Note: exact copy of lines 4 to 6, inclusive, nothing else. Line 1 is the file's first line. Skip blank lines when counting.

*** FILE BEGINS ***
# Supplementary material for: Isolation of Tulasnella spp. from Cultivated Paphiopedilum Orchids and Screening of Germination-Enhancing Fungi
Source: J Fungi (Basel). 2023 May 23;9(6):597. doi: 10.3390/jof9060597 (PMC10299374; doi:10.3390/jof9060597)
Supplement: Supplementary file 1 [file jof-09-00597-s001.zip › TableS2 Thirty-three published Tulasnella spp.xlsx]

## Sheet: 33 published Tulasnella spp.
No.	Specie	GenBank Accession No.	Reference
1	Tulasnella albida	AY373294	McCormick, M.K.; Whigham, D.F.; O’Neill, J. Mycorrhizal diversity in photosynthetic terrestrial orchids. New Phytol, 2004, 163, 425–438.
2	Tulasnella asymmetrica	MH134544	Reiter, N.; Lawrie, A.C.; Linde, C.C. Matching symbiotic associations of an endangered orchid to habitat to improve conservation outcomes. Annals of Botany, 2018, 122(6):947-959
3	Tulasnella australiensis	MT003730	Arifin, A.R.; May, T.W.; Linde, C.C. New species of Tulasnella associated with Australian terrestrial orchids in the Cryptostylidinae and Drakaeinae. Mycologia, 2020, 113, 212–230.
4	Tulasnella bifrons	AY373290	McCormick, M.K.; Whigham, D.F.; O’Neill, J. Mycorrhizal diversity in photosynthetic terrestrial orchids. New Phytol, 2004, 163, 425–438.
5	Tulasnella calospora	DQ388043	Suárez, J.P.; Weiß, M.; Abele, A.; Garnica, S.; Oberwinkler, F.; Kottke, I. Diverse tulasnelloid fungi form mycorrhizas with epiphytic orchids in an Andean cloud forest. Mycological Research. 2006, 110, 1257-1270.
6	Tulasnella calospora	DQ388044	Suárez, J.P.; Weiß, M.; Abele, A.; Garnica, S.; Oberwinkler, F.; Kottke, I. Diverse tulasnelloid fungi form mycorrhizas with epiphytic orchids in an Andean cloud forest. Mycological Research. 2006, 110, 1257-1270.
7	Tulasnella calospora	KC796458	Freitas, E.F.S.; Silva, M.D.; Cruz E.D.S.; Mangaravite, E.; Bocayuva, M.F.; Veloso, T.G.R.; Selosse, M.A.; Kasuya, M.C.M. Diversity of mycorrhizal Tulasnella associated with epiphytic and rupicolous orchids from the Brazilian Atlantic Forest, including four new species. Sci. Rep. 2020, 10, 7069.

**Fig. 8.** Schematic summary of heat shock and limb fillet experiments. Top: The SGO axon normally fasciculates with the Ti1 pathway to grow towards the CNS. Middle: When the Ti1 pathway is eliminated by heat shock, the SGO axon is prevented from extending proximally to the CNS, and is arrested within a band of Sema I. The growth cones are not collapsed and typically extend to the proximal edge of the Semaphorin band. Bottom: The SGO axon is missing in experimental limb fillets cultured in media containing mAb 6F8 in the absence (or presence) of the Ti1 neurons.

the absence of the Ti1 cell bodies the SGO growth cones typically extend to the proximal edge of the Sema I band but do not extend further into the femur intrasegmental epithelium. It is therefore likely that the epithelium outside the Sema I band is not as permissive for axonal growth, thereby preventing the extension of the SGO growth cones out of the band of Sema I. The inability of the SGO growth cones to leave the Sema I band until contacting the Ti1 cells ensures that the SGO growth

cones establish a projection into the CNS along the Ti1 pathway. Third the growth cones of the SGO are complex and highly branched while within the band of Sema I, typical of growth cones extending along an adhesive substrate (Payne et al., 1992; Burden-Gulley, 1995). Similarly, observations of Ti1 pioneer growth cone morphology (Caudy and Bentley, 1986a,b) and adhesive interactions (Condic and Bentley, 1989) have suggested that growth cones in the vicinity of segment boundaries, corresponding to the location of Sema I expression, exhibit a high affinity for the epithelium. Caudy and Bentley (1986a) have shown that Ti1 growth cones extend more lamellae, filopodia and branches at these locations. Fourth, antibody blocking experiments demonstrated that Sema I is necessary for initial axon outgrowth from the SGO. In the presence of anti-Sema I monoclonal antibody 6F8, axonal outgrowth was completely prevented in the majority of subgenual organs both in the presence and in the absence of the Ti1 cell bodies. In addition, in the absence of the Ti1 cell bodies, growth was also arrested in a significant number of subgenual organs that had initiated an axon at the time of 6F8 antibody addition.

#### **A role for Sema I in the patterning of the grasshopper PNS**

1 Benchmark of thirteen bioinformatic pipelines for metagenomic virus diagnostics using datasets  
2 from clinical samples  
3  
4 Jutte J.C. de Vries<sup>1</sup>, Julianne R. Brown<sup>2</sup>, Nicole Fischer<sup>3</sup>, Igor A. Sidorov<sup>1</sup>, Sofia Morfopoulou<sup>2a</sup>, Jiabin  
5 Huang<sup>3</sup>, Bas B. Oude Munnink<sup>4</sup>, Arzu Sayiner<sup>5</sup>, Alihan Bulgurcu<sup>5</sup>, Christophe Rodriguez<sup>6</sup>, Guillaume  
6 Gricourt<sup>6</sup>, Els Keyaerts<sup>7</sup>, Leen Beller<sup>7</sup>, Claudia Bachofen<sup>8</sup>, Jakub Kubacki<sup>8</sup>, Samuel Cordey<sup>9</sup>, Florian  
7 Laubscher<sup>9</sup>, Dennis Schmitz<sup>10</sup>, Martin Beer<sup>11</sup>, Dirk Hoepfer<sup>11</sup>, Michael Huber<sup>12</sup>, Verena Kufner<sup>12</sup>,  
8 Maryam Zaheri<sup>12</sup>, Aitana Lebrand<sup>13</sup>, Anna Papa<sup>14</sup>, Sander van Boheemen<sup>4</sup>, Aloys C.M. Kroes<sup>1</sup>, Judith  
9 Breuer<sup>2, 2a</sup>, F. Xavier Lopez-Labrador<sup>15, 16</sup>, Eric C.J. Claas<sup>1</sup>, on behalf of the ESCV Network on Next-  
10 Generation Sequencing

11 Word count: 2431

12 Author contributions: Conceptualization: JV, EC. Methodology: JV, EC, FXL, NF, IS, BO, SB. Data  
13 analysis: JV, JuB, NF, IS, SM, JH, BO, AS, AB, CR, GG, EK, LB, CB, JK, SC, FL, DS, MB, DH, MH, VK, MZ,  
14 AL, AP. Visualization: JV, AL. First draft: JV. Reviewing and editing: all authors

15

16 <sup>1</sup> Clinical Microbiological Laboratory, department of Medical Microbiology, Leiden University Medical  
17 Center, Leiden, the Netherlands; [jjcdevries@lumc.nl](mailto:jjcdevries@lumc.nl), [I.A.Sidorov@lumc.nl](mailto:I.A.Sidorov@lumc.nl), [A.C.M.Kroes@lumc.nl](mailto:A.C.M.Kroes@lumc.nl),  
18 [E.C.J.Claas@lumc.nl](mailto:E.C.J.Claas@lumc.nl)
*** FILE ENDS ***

## Sheet: 33 published Tulasnella spp.
No.	Specie	GenBank Accession No.	Reference
1	Tulasnella albida	AY373294	McCormick, M.K.; Whigham, D.F.; O’Neill, J. Mycorrhizal diversity in photosynthetic terrestrial orchids. New Phytol, 2004, 163, 425–438.